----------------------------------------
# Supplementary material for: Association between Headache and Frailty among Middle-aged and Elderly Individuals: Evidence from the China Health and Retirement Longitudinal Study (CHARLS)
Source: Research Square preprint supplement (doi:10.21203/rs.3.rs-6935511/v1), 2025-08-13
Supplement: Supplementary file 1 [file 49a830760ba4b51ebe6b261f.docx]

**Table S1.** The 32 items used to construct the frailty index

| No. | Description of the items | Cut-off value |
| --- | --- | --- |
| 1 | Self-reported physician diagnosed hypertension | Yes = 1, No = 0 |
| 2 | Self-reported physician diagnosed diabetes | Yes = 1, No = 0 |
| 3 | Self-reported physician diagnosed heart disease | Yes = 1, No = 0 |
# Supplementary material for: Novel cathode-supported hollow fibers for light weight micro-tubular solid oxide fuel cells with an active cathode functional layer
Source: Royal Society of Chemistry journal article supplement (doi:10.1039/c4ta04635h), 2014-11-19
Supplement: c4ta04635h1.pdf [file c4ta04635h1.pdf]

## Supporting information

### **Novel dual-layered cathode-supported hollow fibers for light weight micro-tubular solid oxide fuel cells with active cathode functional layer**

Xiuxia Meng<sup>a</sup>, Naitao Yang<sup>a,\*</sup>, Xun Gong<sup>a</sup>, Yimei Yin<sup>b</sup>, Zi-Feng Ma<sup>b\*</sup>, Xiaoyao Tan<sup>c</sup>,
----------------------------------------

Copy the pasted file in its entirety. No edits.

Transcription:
# Supplementary material for: Association between Headache and Frailty among Middle-aged and Elderly Individuals: Evidence from the China Health and Retirement Longitudinal Study (CHARLS)
Source: Research Square preprint supplement (doi:10.21203/rs.3.rs-6935511/v1), 2025-08-13
Supplement: Supplementary file 1 [file 49a830760ba4b51ebe6b261f.docx]

**Table S1.** The 32 items used to construct the frailty index

| No. | Description of the items | Cut-off value |
| --- | --- | --- |
| 1 | Self-reported physician diagnosed hypertension | Yes = 1, No = 0 |
| 2 | Self-reported physician diagnosed diabetes | Yes = 1, No = 0 |
| 3 | Self-reported physician diagnosed heart disease | Yes = 1, No = 0 |
# Supplementary material for: Novel cathode-supported hollow fibers for light weight micro-tubular solid oxide fuel cells with an active cathode functional layer
Source: Royal Society of Chemistry journal article supplement (doi:10.1039/c4ta04635h), 2014-11-19
Supplement: c4ta04635h1.pdf [file c4ta04635h1.pdf]

## Supporting information

### **Novel dual-layered cathode-supported hollow fibers for light weight micro-tubular solid oxide fuel cells with active cathode functional layer**

Xiuxia Meng<sup>a</sup>, Naitao Yang<sup>a,\*</sup>, Xun Gong<sup>a</sup>, Yimei Yin<sup>b</sup>, Zi-Feng Ma<sup>b\*</sup>, Xiaoyao Tan<sup>c</sup>,